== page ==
The drug Sunitinib:


is the first-line NICE-recommended treatment for metastatic renal cancer, so I am following where many others have led. It is a relief to have started and that all is going smoothly.

The course is 4 weeks on and 2 weeks off, repeating ad infinitum, as long as it remains effective and I tolerate it. I will have weekly blood pressure checks and 6-weekly bloods checks, mainly for liver damage, though I always worry about my kidney capacity too.

Of course, it is far too early to say whether it is having the desired affect i.e. to suppress & manage metastatic growths. CT scans in the future will show whether it is achieving that, starting with the lesions I know I have on rib, lung and duodenum.

And I am still looking forward to spring ……….

NHS, Politics

King’s Fund speaks on the NHS under Coalition

The independent health research organisation, the King’s Fund, has published the first part of a two part analysis of the NHS under the Coalition, focusing particularly on their introduction of the controversial Health & Social Care Act 2012. You can find that report here: http://www.kingsfund.org.uk/publications/nhs-under-coalition-government

The findings make damning reading, concluding that the reforms have introduced
• Greater marketisation but claims of mass privatisation are exaggerated (my italics)
• Distracting & damaging top down reorganisation
• Complex & confusing governance & accountability systems
• Problematic absence of system leadership (my italics) making needed major changes more difficult to achieve
• Care Act has created a legal framework for introducing a fairer system of funding of long-term care.
NB but has not yet created that fairer system (my words).

I have grown used to a dumbed-down media “debate” around privatisation which shies away from a deep analysis of the Tory mantra: it’s still free at point of use therefore not privatised. That’s sadly repeated here but is so common, it is not surprising. For example, the BBC hardly ever dares say the word privatisation. Neither reports like this one or core media like the BBC, can now be expected to really examine the political values behind the Act and what the core aim of the “reorganisation” was.

This weakens the first 4 damning findings: greater marketization, damaging (& costly) top down reorganisation, confusing & over-complex governance/accountability, and absence of (strategic leadership – the Act abolished Strategic Health authorities). These aims were explicit in the Bill and were rooted in the Coalition’s commitment to a massive growth in the role of the private sector, although they always add in the voluntary sector too, as if it has the resources to compete.

£11 billion pounds worth of health services have been contracted out, on top of what was already privately provided i.e. another 10% of the entire NHS budget & the direction is upwards. Hospital trusts are now allowed to gain 49%of their income from private patients, a cap which Labour plans to significantly revise down, when re-elected, to return it to much lower historical levels as well as reintroducing the NHS itself as the “preferred provider” instead of an open market of “any qualified provider”.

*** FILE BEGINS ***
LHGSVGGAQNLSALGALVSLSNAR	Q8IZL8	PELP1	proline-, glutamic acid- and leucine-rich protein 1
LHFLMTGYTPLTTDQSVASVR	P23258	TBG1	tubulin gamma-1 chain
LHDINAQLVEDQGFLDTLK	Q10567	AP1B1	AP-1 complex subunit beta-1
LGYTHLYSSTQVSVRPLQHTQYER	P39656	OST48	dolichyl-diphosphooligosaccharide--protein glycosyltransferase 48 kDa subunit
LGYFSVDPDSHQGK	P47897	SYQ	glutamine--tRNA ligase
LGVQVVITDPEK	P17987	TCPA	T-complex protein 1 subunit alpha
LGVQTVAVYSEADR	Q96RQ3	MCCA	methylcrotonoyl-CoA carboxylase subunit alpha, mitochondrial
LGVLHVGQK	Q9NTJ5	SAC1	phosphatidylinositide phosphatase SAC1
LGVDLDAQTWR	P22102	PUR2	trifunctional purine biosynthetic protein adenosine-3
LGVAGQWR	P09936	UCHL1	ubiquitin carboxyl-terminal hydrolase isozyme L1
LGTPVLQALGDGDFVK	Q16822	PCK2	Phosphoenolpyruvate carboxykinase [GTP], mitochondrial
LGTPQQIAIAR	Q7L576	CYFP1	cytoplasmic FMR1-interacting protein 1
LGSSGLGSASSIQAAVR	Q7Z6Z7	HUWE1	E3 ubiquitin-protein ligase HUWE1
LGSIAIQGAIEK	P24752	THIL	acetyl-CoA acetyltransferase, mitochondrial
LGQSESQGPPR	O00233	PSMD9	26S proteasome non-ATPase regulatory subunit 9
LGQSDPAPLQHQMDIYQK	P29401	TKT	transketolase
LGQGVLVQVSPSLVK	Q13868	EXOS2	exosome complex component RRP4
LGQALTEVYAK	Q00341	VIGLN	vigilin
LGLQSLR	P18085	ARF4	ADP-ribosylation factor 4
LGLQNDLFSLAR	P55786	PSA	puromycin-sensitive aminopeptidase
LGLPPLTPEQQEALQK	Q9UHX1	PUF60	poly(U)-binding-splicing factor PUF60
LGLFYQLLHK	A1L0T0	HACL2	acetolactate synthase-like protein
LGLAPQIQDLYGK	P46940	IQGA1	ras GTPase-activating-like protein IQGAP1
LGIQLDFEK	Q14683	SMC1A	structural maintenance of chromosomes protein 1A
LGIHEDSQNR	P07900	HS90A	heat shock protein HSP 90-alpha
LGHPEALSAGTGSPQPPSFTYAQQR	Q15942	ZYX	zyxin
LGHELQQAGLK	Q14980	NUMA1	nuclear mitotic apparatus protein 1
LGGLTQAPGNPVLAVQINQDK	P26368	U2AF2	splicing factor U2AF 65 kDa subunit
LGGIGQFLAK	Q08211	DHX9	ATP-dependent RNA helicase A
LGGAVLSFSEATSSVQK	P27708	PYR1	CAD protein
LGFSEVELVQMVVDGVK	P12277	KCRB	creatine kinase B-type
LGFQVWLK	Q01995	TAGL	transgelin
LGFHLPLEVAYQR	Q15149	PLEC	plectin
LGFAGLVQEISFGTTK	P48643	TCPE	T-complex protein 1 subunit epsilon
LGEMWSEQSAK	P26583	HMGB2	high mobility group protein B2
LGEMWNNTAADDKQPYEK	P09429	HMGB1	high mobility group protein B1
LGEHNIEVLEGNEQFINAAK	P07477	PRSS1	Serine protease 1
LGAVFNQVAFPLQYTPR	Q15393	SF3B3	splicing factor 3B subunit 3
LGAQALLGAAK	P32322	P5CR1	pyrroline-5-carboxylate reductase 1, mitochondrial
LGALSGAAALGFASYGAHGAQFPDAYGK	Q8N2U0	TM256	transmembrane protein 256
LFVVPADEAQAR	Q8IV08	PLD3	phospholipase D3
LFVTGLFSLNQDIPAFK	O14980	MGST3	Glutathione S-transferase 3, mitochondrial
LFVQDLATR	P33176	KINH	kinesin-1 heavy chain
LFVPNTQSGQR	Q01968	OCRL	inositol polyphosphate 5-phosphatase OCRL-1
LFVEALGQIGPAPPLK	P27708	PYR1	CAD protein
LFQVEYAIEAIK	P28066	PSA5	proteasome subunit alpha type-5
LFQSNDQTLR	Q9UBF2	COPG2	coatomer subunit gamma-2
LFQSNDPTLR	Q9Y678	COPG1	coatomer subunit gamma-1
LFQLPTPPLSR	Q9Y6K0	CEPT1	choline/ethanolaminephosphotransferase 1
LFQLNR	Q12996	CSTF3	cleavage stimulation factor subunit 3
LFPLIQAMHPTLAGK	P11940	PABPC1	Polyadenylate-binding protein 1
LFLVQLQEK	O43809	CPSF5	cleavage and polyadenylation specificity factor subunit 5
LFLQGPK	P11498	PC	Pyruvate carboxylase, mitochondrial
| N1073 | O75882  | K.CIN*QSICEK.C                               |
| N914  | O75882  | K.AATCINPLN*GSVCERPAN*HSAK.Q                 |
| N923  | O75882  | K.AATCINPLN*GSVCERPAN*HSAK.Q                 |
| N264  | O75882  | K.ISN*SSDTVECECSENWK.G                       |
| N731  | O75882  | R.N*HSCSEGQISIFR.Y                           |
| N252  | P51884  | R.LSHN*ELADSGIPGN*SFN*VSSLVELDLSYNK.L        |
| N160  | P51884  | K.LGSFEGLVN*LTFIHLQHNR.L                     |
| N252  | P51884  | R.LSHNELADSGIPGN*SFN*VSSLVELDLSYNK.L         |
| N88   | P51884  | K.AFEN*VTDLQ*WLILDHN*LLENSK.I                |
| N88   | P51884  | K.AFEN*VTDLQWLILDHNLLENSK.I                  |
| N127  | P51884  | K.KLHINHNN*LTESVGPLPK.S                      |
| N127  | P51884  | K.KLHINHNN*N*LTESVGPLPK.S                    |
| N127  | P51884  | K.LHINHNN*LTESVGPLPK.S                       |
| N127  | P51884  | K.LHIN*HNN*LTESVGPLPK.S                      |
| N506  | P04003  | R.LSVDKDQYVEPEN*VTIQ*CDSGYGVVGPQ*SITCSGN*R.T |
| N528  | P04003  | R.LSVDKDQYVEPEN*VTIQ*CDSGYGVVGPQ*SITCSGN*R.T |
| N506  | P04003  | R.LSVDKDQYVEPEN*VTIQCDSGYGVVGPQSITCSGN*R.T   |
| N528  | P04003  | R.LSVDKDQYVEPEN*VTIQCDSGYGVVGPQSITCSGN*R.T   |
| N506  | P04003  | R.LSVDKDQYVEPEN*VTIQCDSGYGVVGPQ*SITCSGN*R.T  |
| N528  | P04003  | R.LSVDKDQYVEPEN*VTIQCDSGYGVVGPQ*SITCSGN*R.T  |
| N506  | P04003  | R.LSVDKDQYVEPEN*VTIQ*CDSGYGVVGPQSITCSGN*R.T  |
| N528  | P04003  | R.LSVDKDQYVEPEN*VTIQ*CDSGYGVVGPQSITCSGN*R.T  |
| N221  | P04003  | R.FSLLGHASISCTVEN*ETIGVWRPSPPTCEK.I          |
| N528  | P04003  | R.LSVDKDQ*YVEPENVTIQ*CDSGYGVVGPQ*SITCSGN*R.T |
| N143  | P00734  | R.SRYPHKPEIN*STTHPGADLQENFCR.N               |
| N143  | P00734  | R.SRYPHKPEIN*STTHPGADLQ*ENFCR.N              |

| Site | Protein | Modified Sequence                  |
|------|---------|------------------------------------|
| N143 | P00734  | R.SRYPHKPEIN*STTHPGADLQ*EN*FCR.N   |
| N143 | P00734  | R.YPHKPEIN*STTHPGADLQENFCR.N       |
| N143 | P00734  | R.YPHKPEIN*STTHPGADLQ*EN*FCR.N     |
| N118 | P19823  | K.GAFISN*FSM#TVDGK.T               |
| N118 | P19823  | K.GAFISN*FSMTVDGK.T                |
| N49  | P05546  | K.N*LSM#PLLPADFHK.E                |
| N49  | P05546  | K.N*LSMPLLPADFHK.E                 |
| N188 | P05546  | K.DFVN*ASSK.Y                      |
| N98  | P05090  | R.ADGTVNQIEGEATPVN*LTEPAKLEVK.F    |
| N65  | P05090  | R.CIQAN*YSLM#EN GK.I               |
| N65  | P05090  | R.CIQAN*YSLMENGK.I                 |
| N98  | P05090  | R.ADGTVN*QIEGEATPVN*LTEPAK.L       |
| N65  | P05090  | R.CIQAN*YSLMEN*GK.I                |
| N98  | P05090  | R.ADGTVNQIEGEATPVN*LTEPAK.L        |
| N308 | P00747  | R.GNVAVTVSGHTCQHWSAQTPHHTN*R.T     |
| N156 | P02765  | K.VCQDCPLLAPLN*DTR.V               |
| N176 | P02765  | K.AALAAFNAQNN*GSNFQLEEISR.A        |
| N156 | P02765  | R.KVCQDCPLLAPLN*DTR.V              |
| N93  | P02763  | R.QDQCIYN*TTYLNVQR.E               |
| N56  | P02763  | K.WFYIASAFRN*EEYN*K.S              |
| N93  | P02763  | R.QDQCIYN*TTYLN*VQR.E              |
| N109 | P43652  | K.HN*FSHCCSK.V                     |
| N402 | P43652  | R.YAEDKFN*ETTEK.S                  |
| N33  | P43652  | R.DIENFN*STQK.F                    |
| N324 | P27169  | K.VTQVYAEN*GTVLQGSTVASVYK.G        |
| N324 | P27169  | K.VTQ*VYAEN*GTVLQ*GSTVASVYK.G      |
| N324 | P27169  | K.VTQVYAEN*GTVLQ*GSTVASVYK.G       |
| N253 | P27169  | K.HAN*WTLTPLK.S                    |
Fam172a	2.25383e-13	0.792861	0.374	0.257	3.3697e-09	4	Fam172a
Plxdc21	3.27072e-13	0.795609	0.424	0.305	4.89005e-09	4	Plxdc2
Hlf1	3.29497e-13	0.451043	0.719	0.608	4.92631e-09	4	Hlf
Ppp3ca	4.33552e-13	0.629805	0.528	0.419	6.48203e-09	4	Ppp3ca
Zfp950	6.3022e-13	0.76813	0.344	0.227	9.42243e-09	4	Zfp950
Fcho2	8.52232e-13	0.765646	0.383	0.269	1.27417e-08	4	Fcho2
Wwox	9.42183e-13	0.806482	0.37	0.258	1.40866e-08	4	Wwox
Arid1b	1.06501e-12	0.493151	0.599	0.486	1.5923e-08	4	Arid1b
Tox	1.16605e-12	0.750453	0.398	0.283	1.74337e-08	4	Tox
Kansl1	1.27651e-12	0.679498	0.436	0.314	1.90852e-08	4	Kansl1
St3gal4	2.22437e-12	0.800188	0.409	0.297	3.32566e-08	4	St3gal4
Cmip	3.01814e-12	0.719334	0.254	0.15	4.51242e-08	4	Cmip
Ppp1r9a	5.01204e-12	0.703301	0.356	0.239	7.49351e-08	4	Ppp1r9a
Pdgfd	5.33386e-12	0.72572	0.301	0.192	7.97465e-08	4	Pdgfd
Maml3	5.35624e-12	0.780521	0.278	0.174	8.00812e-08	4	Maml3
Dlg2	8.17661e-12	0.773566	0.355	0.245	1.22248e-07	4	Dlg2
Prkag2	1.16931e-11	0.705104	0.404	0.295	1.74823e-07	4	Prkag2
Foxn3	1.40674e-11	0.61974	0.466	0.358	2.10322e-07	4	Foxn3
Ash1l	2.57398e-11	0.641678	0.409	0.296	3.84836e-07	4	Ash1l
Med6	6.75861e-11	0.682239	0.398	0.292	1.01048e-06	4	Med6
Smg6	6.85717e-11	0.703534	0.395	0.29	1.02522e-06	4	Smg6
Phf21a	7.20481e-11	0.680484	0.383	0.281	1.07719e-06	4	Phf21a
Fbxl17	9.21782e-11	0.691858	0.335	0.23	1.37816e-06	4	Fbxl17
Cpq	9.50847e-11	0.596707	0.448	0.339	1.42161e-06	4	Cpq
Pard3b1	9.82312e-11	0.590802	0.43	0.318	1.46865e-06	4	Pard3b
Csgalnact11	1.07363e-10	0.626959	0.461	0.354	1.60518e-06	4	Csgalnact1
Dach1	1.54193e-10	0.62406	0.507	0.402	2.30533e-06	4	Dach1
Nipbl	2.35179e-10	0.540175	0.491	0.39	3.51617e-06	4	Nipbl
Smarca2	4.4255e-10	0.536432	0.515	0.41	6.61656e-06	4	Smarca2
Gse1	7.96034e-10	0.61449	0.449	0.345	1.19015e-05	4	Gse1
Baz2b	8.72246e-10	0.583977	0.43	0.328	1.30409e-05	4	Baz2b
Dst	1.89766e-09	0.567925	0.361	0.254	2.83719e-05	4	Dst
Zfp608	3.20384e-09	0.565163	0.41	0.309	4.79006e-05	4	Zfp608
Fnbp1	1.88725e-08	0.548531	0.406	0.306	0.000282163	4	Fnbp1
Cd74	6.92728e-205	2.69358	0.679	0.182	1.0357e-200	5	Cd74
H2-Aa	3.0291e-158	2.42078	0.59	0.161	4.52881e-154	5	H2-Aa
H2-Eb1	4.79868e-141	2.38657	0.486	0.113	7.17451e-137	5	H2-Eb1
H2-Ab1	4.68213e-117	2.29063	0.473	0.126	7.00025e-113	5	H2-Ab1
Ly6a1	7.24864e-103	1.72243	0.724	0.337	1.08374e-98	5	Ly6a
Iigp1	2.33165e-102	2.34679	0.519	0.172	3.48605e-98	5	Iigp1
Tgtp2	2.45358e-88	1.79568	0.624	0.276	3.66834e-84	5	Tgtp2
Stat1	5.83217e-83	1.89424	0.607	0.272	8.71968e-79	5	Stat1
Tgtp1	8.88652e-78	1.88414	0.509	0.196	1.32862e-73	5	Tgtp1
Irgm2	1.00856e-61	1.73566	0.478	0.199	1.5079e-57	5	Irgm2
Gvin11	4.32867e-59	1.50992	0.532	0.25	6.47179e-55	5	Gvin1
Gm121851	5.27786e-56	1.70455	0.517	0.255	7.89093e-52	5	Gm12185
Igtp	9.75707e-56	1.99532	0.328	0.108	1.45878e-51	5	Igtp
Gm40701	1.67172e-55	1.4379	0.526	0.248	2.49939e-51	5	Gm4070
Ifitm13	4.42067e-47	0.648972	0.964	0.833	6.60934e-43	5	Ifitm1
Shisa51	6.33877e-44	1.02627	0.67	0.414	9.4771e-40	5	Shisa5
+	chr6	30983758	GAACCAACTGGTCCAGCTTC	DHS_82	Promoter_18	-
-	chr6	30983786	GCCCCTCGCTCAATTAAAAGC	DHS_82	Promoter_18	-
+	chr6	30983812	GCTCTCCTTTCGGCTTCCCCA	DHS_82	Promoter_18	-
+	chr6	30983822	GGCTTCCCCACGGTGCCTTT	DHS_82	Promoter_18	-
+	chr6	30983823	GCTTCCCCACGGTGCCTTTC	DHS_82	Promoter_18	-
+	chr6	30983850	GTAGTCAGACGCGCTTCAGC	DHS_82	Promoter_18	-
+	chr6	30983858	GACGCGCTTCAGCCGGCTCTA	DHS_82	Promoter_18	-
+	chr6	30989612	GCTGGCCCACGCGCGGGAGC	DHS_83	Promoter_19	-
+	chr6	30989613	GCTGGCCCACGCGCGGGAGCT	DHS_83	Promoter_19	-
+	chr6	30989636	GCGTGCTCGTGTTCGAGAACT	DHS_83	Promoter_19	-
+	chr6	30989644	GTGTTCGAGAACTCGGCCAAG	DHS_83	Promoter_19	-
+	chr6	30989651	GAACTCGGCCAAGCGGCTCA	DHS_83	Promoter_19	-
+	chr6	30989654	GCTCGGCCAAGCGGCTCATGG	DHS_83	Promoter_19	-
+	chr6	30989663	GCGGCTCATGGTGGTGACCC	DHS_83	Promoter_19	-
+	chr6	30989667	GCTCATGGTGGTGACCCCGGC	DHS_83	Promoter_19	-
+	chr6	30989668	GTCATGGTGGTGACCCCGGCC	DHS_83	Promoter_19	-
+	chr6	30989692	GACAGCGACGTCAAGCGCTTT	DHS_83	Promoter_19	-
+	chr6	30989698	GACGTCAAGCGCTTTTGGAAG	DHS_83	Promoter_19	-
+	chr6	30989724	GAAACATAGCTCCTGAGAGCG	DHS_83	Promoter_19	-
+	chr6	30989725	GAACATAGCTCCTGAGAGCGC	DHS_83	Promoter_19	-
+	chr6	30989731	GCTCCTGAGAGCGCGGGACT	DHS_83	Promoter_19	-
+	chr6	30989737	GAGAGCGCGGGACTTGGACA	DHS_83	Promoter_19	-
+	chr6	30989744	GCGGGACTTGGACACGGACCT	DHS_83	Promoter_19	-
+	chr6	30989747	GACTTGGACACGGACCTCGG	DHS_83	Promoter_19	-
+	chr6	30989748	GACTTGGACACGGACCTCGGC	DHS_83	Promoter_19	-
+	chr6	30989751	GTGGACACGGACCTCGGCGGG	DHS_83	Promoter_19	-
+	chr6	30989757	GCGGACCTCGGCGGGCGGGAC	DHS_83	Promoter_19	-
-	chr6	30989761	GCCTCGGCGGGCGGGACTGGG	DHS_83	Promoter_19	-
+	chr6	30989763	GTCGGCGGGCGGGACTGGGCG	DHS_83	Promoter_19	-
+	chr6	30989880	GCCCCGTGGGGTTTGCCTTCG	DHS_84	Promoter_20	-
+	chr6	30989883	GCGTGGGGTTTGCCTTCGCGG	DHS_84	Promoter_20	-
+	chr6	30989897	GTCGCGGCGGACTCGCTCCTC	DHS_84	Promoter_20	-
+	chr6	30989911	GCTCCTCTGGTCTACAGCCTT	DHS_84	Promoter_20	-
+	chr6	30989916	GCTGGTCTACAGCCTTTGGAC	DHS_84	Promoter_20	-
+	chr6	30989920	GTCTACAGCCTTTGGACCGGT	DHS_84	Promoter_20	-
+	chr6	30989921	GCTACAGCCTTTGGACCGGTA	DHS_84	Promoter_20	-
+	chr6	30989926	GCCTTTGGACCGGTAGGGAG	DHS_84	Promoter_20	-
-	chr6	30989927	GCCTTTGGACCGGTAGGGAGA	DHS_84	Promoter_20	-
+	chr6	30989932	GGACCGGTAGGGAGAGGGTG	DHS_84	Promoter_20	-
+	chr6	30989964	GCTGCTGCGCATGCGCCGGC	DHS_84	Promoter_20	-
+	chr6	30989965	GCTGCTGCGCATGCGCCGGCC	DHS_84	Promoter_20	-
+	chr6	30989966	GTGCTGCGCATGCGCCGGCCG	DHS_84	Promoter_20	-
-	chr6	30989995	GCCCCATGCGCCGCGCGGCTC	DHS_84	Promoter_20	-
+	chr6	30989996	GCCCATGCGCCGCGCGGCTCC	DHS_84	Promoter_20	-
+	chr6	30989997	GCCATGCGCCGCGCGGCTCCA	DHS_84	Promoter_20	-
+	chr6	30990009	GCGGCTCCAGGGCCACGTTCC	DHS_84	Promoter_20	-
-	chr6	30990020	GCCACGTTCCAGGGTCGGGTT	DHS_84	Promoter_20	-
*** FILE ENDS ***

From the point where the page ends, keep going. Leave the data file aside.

As far as accountability is concerned, this must be weakened as the private sector’s role increases. And as with East Coast Rail and Hinchinbrook Hospital, Cambridge, private contractors seem to be able to walk away from contracts that no longer generate profits without penalty. Compare this to the NHS’s seeming inability to renegotiate the terms of those PFI deals which have proved to be far more costly than anticipated, even when they threaten hospital trust viability.

And strategic leadership? Well, it was abolished and the new health market would make the right decisions at the best time, wouldn’t it; the old “invisible hand” that can do no wrong. This means a gradual erosion of national standards based on sound scientific and medical research.

In short, the King’s Fund report finds that the Coalition’s “reforms” achieved what they set out to achieve but avoids the nasty political issues of public versus private. It is very important nevertheless. It should embolden the craven media to ask deeper questions about where the NHS will go in the future if left to the Tories and how it might change for the better if Labour forms the next government. But it also depends on you and voters throughout the UK (in spite of devolution!) using this kind of hard analysis to ask those deeper questions.

Less than 100 days to save the NHS. Let’s do it.

NHS, Personal health, Personal life


As of yesterday, I have new pain in a new site, my right breast. Shout out loud pain. Worse than the pain from my left rib which is moderate by comparison. Really intense when it comes, builds and fades. Again the question: Is it a muscular strain or a new metastasis (met)? It hurts when I move or use my right arm but also when I am at rest. Got to sort it.